Why Los Angeles native Natalie Hanna Mendoza finds inspiration in performing live, and in no performances at all.

Text by Maggie Lange
Images by Nick Joseph

“If I had to make music, it was by myself,” Natalie Hanna Mendoza tells me, readjusting herself on her seal-grey couch. The Los Angeles born and raised singer—who sings everything from jazz standards to Spanish folk to vocals on Lord Huron’s new album—had been performing live four nights a week or more before early 2020. She missed it sorely, so in January 2021, she recorded a music video singing the Spanish standard “Ay Cosita Linda” that’s an impeccable documentation of the creative limits of making music during the pandemic. As she sings, Mendoza hustles around her apartment, harmonizing with herself, whistling, scurrying to add instrumentation, lifting her cats into the frame, trying on ritzy cocktail dresses before settling into sweatpants. “There’s a little longing for what was,” she says, but smiles because mourning ended up sparking something so joyful and boisterous.

Mendoza is perched in front of a pewter art deco lamp. Everything around her is in shades of silver. She wears expert eyeliner and a chic, cheetah-print headband—if she hadn’t told me that she’d just returned from a run, I’d guess she is nightclub ready. The cat that starred in her cover of “Ay Cosita Linda” is eluding us.

The L.A. music scene encompasses so much. And it’s just like a gold mine. Everything’s right there.

Natalie Hanna Mendoza

That song, Mendoza says, was one of her earliest favorites. Mendoza knows it best from a Nat King Cole album, Cole Español. “My grandfather on my mom’s side, he’s from Mexico, he used to play this album all the time. I was small, in the back of the car, and asking for this song again and again. That song has been in me for a long time,” she says. “King is not a native Spanish speaker, and you can tell, because his accent is so bad, but it’s beautiful.” Mendoza, whose mother is from Mexico and whose paternal grandfather was from Bolivia, grew up with Spanish all around her, but didn’t speak it at all. While she needs translations for the meaning behind the lyrics, she prefers the language for singing. “Sometimes it flows easier, the way the language is laid out,” she says.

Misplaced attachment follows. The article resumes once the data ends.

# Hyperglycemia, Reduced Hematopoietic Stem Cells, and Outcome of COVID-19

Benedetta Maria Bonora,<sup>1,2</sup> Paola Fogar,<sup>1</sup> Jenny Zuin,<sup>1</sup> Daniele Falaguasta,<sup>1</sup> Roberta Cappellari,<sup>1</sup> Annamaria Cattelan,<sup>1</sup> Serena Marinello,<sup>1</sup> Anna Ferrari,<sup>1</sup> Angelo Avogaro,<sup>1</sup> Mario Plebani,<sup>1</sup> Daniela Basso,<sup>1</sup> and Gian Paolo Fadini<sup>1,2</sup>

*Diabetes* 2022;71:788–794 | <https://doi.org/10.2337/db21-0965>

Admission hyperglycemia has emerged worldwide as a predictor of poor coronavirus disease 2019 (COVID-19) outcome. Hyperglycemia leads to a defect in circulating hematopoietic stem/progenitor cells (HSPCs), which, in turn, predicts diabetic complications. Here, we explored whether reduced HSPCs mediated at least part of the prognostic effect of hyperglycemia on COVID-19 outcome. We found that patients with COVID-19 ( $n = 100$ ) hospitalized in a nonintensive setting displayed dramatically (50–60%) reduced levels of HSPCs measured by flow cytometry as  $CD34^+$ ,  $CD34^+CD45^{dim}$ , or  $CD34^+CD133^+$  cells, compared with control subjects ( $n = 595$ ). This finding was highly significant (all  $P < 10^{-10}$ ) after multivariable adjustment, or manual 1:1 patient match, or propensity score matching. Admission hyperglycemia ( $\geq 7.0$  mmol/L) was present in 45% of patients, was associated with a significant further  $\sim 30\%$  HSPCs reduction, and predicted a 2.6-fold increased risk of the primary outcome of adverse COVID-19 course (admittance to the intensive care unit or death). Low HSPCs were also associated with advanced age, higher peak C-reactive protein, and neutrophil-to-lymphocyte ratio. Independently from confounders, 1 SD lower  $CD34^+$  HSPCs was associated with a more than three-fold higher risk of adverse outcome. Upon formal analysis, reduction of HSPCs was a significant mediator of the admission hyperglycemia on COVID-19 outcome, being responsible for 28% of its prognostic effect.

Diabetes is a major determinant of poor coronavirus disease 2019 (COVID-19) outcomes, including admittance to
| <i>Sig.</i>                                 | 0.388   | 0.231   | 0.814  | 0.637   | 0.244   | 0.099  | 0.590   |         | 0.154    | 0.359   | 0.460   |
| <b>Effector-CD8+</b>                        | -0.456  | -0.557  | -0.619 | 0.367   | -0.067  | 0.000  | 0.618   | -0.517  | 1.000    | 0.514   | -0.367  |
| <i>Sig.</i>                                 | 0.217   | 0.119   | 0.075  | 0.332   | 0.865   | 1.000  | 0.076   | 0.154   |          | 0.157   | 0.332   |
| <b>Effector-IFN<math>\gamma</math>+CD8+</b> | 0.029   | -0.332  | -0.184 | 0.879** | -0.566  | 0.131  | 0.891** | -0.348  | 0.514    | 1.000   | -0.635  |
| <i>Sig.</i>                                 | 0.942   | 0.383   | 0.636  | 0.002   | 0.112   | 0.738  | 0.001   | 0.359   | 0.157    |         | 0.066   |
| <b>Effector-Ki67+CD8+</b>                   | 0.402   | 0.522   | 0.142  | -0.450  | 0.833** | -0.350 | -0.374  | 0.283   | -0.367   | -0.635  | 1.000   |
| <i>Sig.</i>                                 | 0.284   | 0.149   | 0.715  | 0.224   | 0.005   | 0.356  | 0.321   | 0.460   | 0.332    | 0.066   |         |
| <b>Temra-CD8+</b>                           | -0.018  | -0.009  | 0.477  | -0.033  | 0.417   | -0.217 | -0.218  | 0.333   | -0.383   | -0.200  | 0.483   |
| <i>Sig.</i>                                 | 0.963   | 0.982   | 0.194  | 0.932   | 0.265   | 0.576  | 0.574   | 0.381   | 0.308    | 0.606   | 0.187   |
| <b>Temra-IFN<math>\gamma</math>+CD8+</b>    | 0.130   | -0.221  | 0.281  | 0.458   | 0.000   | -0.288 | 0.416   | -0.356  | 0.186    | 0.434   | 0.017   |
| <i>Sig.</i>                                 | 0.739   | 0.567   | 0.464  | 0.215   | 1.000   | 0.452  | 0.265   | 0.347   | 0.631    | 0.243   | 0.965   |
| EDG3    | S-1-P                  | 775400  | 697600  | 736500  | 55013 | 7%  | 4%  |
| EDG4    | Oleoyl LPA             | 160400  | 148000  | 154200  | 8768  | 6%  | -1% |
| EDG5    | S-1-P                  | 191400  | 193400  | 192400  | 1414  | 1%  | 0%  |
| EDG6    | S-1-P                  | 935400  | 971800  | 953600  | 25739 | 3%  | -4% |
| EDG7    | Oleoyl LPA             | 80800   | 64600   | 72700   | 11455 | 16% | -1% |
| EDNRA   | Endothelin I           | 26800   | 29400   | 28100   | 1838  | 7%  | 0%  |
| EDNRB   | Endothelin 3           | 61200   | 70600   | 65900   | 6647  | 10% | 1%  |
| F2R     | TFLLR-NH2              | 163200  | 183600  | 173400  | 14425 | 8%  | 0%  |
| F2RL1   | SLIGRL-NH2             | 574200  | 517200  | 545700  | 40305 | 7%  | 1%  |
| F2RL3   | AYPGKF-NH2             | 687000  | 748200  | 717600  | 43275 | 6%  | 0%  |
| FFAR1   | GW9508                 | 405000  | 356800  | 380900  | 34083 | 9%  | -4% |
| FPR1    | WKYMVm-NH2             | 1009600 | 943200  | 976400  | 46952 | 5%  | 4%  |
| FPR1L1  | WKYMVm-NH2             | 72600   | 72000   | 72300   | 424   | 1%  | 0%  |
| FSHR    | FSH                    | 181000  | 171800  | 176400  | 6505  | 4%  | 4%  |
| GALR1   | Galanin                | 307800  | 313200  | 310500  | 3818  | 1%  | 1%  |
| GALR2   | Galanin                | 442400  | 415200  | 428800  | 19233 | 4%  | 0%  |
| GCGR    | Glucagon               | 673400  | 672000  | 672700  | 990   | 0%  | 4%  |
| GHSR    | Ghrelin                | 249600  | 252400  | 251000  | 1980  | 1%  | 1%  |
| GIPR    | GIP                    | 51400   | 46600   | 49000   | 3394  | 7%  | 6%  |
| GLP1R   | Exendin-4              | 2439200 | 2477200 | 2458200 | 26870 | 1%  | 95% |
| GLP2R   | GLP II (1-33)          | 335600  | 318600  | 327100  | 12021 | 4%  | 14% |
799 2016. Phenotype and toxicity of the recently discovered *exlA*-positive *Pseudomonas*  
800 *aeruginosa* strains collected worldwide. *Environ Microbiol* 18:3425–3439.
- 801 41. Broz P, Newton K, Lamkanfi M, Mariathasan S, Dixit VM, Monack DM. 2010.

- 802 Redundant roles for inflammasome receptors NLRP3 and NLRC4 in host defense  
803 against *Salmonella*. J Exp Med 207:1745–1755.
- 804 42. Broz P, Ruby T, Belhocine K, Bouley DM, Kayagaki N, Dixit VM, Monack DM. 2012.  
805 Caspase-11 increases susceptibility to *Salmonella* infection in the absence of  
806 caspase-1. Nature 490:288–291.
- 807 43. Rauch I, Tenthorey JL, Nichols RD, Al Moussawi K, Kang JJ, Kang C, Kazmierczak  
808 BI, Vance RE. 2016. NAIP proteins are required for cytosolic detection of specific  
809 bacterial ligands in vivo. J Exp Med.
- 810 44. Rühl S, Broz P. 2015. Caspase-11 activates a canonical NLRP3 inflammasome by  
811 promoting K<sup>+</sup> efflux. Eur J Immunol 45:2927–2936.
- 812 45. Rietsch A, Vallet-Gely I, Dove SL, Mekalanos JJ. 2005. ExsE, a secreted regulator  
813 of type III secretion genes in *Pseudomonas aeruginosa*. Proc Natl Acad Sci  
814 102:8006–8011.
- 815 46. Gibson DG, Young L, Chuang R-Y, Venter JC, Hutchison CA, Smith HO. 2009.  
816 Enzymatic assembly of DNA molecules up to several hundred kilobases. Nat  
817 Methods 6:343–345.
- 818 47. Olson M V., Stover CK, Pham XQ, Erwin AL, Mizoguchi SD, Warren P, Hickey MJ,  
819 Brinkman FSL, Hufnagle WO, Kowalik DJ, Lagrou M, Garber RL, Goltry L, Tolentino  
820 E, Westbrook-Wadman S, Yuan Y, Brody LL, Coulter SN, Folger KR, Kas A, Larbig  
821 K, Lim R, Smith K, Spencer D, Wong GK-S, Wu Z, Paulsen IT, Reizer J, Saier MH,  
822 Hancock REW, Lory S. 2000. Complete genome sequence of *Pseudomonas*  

More recently, Mendoza has been able to perform at Shutters on the Beach and Hotel Casa del Mar, accompanied by a guitar, piano, or a trio. But during the height of the pandemic, performances were nonexistent. Yearning, classically, is rich creative fodder, and so it was with Mendoza. She recorded a short video “Goodnight L.A.” in January 2021 with cinematographer friend Brian Smight in which she visits L.A. venues and clubs she performed at: Cicada Club, Chateau Marmont, Clifton’s Cafeteria.

Passing all her old haunts, during quarantine, felt truly haunting to the chanteuse who had been part of the party there for her entire adult life. “It was eerily quiet. I couldn’t believe how quiet it was when we went. It was quiet enough to film,” she says, still amazed, “and empty enough for me to run across the street in downtown L.A.” Mendoza had planned on singing “My Foolish Heart” over the footage but decided to just speak the lyrics. “I think the absence of music and melody was more poignant.”

It was actually at Clifton’s, years ago, that Mendoza was discovered by Lord Huron’s drummer. Mendoza had been singing 1940s-style harmonies. For its 2021 album Long Lost, the band asked her if she could recreate that effect— not necessarily the swing style, but the lush, close harmonies. In their song “Drops in the Lake,” you can hear Mendoza singing so high—“in the stratosphere,” she says—that it eerily shatters the whole song.

If I had to make music, it was by myself.

Natalie Hanna Mendoza

This cross-pollination between genres of music is one of Mendoza’s favorite parts of the L.A. music scene; she had been singing in a swing band and a neo-folk drummer plucked her for their new album. “You seemingly can see every genre in L.A.,” she says. “You can go out and see a vintage swing band, you can see a funk band, you can see country. The L.A. music scene encompasses so much. And it’s just like a gold mine. Everything’s right there.”

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